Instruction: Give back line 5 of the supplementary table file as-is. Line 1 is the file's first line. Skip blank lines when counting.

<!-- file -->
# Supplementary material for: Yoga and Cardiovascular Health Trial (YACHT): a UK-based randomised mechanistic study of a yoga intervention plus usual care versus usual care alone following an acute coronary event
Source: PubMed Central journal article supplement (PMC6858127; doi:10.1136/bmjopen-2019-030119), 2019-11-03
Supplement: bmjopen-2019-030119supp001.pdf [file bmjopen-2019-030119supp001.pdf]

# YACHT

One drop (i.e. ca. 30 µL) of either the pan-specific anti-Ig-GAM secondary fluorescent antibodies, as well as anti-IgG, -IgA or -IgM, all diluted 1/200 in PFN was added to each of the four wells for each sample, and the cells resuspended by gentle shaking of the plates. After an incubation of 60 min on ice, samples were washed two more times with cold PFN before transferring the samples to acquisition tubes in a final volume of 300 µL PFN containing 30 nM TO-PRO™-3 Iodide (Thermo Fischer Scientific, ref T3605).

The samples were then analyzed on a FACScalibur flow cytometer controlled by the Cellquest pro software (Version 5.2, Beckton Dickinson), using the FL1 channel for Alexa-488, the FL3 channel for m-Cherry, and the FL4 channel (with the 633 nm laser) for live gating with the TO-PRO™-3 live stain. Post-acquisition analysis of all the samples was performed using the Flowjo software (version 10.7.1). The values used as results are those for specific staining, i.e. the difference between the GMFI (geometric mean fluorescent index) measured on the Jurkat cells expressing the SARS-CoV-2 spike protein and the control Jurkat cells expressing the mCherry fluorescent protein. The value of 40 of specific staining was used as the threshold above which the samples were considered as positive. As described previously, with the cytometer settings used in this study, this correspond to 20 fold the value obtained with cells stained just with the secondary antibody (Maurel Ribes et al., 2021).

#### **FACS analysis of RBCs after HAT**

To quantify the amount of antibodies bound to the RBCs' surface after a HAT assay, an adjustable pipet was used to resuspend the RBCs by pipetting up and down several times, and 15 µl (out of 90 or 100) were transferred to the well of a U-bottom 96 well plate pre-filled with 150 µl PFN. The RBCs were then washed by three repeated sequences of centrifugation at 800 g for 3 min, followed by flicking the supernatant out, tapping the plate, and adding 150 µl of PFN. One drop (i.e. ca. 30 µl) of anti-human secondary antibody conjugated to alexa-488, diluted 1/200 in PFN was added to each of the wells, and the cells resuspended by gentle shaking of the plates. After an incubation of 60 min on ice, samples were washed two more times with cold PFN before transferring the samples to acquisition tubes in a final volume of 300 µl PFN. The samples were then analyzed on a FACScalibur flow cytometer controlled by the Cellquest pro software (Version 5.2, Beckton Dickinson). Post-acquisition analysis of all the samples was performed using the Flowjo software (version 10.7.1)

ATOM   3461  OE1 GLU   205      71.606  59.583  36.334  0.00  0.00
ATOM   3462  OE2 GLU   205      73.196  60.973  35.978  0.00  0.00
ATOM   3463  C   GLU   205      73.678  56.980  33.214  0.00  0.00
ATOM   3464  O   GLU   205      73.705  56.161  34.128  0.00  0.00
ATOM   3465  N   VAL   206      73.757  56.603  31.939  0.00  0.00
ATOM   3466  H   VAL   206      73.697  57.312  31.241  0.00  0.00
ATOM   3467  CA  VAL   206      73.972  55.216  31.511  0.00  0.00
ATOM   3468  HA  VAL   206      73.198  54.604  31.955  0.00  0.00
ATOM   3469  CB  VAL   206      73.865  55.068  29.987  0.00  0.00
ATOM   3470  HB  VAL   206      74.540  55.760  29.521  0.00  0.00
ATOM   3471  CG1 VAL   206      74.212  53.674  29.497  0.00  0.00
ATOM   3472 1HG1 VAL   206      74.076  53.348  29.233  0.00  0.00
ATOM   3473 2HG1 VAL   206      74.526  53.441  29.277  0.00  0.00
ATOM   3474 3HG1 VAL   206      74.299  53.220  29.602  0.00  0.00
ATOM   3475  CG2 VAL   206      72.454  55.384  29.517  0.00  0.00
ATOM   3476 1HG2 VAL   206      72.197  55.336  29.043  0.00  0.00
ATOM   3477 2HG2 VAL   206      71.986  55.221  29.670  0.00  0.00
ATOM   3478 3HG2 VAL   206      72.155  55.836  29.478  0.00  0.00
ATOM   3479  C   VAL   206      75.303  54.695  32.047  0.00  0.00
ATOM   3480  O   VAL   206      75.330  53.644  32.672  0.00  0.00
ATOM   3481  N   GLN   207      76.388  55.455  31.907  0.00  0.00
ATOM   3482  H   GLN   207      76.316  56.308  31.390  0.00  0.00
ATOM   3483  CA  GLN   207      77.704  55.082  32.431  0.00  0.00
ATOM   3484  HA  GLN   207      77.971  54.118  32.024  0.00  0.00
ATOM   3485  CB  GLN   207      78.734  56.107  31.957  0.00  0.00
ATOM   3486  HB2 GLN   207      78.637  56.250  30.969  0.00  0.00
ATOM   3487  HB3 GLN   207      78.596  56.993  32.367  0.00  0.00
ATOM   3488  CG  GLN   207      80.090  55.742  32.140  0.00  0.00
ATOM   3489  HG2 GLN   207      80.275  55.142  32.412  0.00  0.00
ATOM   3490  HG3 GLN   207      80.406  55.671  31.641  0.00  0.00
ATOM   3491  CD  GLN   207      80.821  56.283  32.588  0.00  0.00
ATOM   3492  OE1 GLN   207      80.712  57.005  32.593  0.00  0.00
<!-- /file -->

One drop (i.e. ca. 30 µL) of either the pan-specific anti-Ig-GAM secondary fluorescent antibodies, as well as anti-IgG, -IgA or -IgM, all diluted 1/200 in PFN was added to each of the four wells for each sample, and the cells resuspended by gentle shaking of the plates. After an incubation of 60 min on ice, samples were washed two more times with cold PFN before transferring the samples to acquisition tubes in a final volume of 300 µL PFN containing 30 nM TO-PRO™-3 Iodide (Thermo Fischer Scientific, ref T3605).